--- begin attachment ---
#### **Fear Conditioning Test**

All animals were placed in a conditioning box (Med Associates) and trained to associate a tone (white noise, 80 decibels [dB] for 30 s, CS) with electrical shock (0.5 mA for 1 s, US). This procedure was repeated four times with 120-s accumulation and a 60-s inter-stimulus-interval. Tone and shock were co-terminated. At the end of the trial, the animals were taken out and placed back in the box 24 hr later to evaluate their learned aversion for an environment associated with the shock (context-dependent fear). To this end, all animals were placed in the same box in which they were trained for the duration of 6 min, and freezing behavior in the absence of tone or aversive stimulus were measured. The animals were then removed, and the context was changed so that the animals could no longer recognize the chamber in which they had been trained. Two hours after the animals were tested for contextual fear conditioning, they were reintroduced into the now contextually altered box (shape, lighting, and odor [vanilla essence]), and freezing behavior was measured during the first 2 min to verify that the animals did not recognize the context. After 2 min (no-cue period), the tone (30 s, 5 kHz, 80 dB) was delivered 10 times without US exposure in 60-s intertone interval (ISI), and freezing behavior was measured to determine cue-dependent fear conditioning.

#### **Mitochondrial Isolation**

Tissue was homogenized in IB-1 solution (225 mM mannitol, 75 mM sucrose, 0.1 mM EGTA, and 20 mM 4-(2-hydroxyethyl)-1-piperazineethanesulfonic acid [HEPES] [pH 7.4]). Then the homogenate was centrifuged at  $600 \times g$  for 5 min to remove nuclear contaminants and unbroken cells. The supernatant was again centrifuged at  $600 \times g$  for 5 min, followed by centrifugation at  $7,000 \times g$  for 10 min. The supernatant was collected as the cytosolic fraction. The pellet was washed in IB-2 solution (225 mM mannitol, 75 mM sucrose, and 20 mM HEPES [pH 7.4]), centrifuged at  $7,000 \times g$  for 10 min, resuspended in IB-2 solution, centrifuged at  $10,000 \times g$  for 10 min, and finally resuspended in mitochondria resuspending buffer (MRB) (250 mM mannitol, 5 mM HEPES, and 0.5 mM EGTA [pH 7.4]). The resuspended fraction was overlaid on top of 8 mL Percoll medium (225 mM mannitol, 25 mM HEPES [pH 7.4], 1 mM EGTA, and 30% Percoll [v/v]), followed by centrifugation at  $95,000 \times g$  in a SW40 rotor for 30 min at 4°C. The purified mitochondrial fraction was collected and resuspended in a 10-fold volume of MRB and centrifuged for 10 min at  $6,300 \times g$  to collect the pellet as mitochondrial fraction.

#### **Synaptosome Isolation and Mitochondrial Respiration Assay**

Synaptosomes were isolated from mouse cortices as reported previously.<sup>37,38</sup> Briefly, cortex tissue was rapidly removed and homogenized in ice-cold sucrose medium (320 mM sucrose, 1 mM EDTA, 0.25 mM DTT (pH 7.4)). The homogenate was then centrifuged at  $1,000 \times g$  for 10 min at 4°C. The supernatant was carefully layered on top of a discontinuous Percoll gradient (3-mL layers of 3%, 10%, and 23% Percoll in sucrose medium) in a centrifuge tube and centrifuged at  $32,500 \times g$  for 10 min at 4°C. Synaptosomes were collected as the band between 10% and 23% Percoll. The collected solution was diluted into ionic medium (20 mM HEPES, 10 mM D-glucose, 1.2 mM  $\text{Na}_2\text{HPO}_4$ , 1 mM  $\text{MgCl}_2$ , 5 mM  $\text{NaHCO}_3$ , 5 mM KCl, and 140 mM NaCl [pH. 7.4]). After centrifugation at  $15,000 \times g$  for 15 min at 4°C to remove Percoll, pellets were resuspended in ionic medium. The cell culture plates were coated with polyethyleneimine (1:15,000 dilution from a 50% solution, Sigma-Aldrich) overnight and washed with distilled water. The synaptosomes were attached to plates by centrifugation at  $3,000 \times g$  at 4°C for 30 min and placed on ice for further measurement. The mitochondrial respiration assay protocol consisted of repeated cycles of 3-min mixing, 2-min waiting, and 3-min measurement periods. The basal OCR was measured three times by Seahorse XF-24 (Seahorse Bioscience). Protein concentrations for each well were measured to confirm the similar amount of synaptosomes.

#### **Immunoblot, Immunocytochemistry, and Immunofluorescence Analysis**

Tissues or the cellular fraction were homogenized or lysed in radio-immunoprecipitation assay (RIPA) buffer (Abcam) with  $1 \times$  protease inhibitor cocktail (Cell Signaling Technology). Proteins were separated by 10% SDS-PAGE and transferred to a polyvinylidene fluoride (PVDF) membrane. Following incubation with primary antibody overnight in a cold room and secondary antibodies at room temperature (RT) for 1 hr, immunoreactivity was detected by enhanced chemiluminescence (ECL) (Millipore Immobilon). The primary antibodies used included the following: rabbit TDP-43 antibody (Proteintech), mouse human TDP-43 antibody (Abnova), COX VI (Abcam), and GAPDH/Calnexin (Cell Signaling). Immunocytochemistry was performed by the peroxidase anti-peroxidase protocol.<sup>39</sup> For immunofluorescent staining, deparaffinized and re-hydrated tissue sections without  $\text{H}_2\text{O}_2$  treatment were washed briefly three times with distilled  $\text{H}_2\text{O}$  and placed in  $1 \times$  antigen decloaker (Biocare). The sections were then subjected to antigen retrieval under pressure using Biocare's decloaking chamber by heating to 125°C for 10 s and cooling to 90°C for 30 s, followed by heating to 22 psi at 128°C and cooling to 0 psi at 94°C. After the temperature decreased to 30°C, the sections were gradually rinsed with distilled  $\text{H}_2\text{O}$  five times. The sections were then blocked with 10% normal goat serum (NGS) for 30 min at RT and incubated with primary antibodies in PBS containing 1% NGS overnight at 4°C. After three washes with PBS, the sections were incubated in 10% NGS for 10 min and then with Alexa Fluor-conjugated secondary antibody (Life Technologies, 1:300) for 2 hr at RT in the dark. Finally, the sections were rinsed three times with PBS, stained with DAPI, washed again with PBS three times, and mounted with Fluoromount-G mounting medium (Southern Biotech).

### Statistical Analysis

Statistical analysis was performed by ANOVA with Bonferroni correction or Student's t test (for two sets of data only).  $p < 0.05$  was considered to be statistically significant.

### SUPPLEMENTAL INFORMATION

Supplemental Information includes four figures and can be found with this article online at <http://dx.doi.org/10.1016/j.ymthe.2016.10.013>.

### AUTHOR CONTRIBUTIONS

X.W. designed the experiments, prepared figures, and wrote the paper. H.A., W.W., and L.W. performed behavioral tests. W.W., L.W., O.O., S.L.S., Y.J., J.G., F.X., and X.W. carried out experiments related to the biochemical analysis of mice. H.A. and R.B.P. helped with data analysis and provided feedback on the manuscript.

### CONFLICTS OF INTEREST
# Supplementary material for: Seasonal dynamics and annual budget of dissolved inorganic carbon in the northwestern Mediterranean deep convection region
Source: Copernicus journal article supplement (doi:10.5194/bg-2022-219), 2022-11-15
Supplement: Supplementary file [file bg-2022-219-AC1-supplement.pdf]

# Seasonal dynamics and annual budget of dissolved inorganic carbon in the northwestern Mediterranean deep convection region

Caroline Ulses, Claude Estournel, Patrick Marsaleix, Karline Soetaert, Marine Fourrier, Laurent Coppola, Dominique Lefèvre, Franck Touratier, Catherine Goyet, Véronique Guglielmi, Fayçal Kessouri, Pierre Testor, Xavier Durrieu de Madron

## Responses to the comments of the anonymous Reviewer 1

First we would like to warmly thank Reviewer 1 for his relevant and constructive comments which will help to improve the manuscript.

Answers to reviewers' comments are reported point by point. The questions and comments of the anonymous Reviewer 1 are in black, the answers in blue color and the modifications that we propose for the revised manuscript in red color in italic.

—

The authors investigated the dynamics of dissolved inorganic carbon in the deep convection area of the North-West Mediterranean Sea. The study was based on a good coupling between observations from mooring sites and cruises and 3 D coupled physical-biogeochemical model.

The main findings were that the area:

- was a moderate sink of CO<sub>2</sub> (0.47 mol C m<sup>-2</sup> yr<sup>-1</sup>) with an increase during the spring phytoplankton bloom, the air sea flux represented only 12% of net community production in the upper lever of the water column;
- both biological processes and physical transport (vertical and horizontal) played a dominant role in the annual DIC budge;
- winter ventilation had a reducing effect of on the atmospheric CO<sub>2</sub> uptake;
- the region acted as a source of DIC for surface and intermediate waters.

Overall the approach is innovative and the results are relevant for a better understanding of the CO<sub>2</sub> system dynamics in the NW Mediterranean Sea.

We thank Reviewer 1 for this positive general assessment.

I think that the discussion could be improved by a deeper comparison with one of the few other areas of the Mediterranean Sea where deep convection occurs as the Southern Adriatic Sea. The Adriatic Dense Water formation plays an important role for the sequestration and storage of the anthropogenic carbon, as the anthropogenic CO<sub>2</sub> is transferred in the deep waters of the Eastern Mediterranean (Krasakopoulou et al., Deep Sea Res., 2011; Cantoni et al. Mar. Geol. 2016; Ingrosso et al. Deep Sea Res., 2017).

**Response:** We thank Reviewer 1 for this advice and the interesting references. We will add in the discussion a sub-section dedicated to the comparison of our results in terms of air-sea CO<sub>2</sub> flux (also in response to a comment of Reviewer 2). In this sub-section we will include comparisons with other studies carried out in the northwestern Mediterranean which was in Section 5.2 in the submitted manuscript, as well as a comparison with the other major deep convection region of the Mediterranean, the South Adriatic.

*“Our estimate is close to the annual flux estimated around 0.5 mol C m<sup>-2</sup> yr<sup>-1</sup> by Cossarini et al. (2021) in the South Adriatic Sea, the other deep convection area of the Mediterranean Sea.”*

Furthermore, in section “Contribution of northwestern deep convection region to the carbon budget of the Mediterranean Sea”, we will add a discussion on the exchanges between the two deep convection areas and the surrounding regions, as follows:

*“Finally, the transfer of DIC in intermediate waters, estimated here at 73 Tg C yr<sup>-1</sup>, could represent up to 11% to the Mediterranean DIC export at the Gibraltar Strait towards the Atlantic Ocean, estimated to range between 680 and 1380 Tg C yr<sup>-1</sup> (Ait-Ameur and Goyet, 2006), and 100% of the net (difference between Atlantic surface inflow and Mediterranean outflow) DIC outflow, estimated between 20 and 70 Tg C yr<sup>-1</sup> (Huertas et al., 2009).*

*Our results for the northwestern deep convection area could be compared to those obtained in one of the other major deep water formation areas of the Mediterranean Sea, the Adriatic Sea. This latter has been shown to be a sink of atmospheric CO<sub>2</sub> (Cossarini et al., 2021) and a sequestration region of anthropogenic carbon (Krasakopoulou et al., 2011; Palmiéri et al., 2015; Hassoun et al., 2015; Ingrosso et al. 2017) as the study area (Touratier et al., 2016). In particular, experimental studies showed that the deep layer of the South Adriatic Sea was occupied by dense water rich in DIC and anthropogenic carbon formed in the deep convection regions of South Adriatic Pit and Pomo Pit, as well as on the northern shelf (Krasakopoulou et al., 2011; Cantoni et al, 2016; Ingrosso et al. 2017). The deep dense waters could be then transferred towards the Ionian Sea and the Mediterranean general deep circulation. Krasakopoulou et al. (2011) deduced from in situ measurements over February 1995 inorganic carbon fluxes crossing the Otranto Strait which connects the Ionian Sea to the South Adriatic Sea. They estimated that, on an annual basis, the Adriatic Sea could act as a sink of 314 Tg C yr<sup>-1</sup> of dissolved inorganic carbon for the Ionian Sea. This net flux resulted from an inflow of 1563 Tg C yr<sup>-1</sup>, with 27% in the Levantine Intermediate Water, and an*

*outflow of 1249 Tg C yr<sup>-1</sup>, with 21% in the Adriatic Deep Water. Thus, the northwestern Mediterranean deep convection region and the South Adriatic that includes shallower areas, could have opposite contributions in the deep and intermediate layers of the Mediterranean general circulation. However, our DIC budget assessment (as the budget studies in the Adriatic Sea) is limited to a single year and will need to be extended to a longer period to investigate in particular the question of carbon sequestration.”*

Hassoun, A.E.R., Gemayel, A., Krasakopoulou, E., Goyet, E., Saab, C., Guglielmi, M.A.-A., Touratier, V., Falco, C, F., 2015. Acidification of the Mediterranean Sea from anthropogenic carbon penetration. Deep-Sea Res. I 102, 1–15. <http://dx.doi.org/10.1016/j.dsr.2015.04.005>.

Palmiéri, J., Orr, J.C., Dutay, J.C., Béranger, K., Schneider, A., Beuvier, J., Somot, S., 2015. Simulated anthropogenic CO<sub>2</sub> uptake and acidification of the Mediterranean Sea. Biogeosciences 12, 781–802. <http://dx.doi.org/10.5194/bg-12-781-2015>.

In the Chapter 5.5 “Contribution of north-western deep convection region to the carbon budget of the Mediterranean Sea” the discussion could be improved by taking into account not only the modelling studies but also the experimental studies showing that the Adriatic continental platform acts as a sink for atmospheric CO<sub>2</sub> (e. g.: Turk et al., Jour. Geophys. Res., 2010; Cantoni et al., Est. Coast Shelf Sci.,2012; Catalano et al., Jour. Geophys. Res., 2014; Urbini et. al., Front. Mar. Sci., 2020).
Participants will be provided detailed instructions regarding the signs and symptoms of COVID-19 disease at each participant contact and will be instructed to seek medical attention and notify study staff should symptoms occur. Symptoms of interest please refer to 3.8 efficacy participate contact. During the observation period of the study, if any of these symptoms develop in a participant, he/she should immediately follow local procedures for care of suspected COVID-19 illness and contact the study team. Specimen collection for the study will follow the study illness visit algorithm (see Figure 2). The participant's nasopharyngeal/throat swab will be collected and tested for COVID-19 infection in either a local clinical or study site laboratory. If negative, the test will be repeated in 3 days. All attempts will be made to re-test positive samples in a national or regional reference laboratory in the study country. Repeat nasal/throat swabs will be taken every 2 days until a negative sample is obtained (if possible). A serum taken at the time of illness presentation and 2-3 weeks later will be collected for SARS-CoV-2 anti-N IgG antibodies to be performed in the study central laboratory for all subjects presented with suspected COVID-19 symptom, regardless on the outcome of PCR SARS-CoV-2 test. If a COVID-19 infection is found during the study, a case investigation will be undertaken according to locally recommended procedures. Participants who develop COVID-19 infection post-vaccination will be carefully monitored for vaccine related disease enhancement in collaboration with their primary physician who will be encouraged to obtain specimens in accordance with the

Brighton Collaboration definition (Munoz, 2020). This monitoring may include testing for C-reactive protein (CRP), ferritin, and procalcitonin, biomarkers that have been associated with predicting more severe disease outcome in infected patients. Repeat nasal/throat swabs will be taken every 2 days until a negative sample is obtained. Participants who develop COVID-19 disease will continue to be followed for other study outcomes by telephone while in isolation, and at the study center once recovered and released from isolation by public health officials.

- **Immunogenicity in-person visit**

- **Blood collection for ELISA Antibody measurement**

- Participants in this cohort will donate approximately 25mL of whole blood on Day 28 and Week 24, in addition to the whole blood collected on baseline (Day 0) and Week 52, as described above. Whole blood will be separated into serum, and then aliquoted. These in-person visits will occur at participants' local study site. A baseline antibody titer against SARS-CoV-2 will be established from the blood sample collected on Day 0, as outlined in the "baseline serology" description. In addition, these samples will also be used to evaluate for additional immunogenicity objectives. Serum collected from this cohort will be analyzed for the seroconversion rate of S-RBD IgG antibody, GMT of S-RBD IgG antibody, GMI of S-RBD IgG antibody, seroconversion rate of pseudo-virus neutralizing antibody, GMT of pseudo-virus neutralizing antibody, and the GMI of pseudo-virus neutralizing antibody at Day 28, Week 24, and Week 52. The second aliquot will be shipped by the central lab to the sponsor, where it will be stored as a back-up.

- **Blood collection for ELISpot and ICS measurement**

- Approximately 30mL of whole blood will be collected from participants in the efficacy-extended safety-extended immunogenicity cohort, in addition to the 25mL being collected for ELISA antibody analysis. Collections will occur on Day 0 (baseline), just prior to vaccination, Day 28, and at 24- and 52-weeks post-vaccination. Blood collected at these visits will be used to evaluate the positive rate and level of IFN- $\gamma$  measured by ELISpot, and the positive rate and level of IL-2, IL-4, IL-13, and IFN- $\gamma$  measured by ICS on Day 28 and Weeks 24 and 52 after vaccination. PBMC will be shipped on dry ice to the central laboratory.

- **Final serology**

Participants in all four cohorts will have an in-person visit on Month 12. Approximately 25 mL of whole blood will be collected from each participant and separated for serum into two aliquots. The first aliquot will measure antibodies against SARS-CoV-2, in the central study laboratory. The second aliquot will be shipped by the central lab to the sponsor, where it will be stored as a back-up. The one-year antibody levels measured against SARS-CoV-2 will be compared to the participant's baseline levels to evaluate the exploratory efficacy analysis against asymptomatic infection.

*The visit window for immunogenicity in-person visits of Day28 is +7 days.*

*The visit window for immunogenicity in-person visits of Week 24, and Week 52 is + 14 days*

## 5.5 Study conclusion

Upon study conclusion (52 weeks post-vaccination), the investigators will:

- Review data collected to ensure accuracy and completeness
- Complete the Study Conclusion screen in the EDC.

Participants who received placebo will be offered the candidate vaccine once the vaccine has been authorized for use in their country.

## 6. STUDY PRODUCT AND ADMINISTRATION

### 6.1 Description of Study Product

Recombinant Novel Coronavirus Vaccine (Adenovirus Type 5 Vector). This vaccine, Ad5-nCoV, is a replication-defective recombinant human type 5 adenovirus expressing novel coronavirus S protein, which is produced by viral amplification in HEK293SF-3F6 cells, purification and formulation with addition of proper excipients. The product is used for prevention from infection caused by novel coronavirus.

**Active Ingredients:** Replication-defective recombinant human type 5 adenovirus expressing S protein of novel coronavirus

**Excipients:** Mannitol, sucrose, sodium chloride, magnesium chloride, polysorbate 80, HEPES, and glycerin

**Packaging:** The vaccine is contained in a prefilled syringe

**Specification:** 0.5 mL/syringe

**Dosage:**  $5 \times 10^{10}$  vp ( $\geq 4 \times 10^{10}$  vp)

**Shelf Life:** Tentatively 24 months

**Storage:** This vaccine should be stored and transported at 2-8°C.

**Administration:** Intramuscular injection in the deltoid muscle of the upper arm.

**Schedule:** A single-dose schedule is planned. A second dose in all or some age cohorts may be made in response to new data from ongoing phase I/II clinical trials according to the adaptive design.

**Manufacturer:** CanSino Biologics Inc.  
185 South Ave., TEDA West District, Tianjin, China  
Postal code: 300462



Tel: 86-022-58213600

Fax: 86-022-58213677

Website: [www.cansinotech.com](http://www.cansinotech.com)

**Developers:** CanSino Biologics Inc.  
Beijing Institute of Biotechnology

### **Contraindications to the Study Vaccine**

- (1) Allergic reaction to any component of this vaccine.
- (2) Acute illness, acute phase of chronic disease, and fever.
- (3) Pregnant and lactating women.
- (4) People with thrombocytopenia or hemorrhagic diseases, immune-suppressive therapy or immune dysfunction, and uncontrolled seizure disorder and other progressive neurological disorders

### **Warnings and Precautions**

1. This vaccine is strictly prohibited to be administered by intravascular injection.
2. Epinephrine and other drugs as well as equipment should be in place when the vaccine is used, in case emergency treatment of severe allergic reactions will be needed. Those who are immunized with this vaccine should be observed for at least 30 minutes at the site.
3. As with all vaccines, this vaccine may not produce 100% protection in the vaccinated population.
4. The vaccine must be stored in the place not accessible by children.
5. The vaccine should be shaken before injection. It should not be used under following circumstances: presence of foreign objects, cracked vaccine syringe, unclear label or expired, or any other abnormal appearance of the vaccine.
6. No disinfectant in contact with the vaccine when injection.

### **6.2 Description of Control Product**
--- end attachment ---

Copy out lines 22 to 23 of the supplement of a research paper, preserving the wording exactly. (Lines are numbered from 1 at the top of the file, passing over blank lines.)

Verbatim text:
First we would like to warmly thank Reviewer 1 for his relevant and constructive comments which will help to improve the manuscript.

Answers to reviewers' comments are reported point by point. The questions and comments of the anonymous Reviewer 1 are in black, the answers in blue color and the modifications that we propose for the revised manuscript in red color in italic.